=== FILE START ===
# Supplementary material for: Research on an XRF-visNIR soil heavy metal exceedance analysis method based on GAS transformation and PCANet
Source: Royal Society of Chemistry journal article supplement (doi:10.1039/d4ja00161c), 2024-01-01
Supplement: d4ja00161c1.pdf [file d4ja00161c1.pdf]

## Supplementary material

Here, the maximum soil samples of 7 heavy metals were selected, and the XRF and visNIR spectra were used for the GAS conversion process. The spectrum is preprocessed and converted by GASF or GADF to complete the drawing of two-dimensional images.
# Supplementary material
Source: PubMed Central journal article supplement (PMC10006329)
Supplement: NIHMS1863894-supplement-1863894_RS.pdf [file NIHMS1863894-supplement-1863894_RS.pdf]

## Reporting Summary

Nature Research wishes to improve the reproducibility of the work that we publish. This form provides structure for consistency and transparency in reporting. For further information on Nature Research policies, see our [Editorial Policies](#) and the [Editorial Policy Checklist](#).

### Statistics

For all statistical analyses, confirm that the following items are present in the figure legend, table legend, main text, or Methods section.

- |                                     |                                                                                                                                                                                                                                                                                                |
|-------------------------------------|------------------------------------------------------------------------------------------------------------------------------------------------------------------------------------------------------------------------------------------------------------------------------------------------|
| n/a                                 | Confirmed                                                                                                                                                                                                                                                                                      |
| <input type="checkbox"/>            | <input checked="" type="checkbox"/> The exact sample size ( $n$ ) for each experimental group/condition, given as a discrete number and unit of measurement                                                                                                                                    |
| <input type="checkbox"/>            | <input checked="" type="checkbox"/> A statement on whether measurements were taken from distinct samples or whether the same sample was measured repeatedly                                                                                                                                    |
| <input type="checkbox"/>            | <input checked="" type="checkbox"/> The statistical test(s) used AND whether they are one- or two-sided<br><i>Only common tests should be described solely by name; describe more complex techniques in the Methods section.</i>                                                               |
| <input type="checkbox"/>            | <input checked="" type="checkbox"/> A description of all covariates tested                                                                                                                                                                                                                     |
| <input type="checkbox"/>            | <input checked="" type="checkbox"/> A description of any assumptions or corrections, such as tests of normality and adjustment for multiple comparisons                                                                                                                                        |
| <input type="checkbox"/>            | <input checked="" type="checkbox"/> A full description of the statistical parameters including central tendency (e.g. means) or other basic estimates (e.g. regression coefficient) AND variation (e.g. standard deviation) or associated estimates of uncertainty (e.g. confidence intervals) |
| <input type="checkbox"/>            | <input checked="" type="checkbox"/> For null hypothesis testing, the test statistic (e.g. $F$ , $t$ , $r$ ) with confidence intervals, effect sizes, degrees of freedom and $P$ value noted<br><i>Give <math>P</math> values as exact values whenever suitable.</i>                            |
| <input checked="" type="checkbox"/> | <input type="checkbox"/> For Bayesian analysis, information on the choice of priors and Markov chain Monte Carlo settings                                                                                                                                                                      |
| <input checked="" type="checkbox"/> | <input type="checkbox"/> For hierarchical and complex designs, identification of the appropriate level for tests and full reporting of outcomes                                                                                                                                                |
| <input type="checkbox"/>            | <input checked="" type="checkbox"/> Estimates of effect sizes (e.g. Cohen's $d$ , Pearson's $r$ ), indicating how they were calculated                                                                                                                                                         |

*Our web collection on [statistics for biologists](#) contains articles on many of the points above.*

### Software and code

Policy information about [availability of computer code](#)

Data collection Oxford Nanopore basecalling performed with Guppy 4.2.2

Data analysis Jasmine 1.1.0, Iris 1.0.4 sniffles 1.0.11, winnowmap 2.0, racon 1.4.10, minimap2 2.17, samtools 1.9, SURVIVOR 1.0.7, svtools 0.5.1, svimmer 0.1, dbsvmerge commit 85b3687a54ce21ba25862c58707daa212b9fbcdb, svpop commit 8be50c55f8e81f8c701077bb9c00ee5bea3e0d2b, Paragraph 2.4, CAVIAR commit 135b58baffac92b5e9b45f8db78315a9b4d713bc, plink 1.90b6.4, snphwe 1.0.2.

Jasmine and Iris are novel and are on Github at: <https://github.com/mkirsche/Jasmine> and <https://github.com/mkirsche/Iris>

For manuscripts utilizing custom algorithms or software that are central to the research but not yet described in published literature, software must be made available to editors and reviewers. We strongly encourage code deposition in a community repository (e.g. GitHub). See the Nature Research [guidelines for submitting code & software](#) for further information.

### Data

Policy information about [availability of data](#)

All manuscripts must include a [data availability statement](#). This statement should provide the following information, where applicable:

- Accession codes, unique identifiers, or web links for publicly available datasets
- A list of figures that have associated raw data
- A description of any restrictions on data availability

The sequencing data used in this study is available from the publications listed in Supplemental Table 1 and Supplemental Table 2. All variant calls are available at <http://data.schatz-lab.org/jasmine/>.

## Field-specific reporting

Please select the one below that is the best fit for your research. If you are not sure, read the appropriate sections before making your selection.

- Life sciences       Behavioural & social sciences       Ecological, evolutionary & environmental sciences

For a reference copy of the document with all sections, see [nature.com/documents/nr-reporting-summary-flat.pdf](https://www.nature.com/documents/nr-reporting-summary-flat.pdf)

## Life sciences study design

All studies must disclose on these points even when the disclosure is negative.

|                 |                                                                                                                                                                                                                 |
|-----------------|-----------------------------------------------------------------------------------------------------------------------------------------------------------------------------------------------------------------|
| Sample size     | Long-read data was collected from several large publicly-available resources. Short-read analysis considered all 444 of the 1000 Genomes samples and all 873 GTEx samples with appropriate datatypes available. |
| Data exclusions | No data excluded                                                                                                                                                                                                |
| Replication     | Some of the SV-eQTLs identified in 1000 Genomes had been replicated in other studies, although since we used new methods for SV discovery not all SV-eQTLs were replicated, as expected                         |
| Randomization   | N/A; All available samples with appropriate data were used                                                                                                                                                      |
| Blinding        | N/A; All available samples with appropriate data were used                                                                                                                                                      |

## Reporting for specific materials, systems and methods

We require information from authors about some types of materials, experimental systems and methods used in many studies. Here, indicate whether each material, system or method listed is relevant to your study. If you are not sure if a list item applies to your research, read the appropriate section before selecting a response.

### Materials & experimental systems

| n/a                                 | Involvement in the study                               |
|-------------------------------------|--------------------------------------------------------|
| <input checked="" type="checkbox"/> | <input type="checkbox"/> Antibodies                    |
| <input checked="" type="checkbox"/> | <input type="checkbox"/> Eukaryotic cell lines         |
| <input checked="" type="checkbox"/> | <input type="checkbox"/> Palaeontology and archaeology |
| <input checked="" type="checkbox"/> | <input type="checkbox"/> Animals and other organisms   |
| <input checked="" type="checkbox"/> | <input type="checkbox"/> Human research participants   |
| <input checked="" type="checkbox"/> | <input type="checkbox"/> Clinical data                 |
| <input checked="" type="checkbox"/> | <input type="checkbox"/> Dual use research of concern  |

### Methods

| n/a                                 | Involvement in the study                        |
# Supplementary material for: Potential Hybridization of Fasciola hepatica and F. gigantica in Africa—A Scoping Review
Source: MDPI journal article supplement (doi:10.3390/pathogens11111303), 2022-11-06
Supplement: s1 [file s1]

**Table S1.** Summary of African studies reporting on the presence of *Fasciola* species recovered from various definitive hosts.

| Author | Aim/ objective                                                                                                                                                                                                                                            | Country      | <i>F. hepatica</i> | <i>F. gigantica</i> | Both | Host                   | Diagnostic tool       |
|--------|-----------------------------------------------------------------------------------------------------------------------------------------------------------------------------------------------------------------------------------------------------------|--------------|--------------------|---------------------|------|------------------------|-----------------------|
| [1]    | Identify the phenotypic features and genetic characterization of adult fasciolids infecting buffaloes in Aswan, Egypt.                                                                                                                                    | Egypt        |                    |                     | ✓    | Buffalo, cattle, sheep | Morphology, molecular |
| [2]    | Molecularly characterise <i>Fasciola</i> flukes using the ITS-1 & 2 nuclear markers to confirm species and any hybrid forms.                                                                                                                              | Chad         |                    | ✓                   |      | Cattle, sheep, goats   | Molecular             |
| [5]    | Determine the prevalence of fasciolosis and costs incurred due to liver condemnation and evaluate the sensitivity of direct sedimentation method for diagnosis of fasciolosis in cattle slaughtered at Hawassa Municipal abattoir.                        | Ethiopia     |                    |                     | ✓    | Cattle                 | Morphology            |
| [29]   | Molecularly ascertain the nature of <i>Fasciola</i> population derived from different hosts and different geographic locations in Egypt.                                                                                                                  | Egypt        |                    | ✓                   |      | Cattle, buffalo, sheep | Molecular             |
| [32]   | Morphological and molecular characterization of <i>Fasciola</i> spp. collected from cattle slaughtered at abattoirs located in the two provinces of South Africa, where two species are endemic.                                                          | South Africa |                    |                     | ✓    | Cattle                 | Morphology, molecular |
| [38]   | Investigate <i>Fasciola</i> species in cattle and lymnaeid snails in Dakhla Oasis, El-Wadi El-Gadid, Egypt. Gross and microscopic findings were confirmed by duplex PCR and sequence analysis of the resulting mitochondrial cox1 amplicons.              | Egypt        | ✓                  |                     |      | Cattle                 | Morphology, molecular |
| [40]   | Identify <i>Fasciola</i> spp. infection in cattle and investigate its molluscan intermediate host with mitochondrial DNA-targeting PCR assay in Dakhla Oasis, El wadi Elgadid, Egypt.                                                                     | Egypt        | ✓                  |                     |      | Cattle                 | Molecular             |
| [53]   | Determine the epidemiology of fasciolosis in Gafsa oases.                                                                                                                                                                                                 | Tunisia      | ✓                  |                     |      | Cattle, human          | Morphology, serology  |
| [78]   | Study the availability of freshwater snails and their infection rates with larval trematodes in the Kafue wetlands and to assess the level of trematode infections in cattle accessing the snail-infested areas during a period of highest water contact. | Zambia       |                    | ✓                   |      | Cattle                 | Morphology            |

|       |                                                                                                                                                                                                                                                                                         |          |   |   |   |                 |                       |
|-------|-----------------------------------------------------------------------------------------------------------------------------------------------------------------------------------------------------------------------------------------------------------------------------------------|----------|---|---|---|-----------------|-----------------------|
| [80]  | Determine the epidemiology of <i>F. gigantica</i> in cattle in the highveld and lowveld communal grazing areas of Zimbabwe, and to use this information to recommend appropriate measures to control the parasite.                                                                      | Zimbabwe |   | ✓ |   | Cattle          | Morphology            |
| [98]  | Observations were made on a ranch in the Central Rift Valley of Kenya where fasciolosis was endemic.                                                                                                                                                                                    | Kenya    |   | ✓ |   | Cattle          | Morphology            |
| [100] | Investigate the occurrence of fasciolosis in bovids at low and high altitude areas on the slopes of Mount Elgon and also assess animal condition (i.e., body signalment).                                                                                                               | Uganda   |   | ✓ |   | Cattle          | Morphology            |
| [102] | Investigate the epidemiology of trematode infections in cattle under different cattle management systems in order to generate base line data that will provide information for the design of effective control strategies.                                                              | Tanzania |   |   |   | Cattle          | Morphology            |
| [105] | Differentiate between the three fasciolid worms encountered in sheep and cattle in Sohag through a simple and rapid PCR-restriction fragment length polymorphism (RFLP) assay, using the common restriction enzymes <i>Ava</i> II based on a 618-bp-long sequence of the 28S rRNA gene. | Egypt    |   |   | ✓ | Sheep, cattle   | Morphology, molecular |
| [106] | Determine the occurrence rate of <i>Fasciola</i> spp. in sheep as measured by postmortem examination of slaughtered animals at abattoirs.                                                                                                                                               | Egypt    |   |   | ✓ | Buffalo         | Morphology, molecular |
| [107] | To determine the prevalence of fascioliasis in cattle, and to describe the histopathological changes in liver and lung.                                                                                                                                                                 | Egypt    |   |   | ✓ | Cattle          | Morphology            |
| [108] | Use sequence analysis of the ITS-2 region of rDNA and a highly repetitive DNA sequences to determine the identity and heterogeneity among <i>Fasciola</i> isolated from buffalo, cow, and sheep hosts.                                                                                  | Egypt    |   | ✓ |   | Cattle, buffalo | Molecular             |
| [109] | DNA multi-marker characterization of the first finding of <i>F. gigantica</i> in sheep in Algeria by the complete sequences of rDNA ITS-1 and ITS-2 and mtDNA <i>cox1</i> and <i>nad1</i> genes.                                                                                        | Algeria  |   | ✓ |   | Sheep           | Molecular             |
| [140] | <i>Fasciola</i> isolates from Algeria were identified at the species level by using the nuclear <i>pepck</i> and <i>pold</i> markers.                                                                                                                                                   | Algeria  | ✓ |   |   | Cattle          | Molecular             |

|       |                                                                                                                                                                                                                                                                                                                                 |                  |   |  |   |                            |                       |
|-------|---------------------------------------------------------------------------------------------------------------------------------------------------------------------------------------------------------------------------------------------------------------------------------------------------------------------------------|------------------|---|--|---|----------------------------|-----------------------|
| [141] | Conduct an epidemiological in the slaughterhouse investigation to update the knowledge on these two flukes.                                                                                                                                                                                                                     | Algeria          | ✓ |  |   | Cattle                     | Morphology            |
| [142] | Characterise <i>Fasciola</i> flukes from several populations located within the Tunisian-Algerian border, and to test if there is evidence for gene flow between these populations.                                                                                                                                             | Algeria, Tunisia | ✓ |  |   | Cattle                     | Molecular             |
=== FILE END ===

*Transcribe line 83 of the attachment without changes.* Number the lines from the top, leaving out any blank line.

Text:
|-------|-----------------------------------------------------------------------------------------------------------------------------------------------------------------------------------------------------------------------------------------------------------------------------------------|----------|---|---|---|-----------------|-----------------------|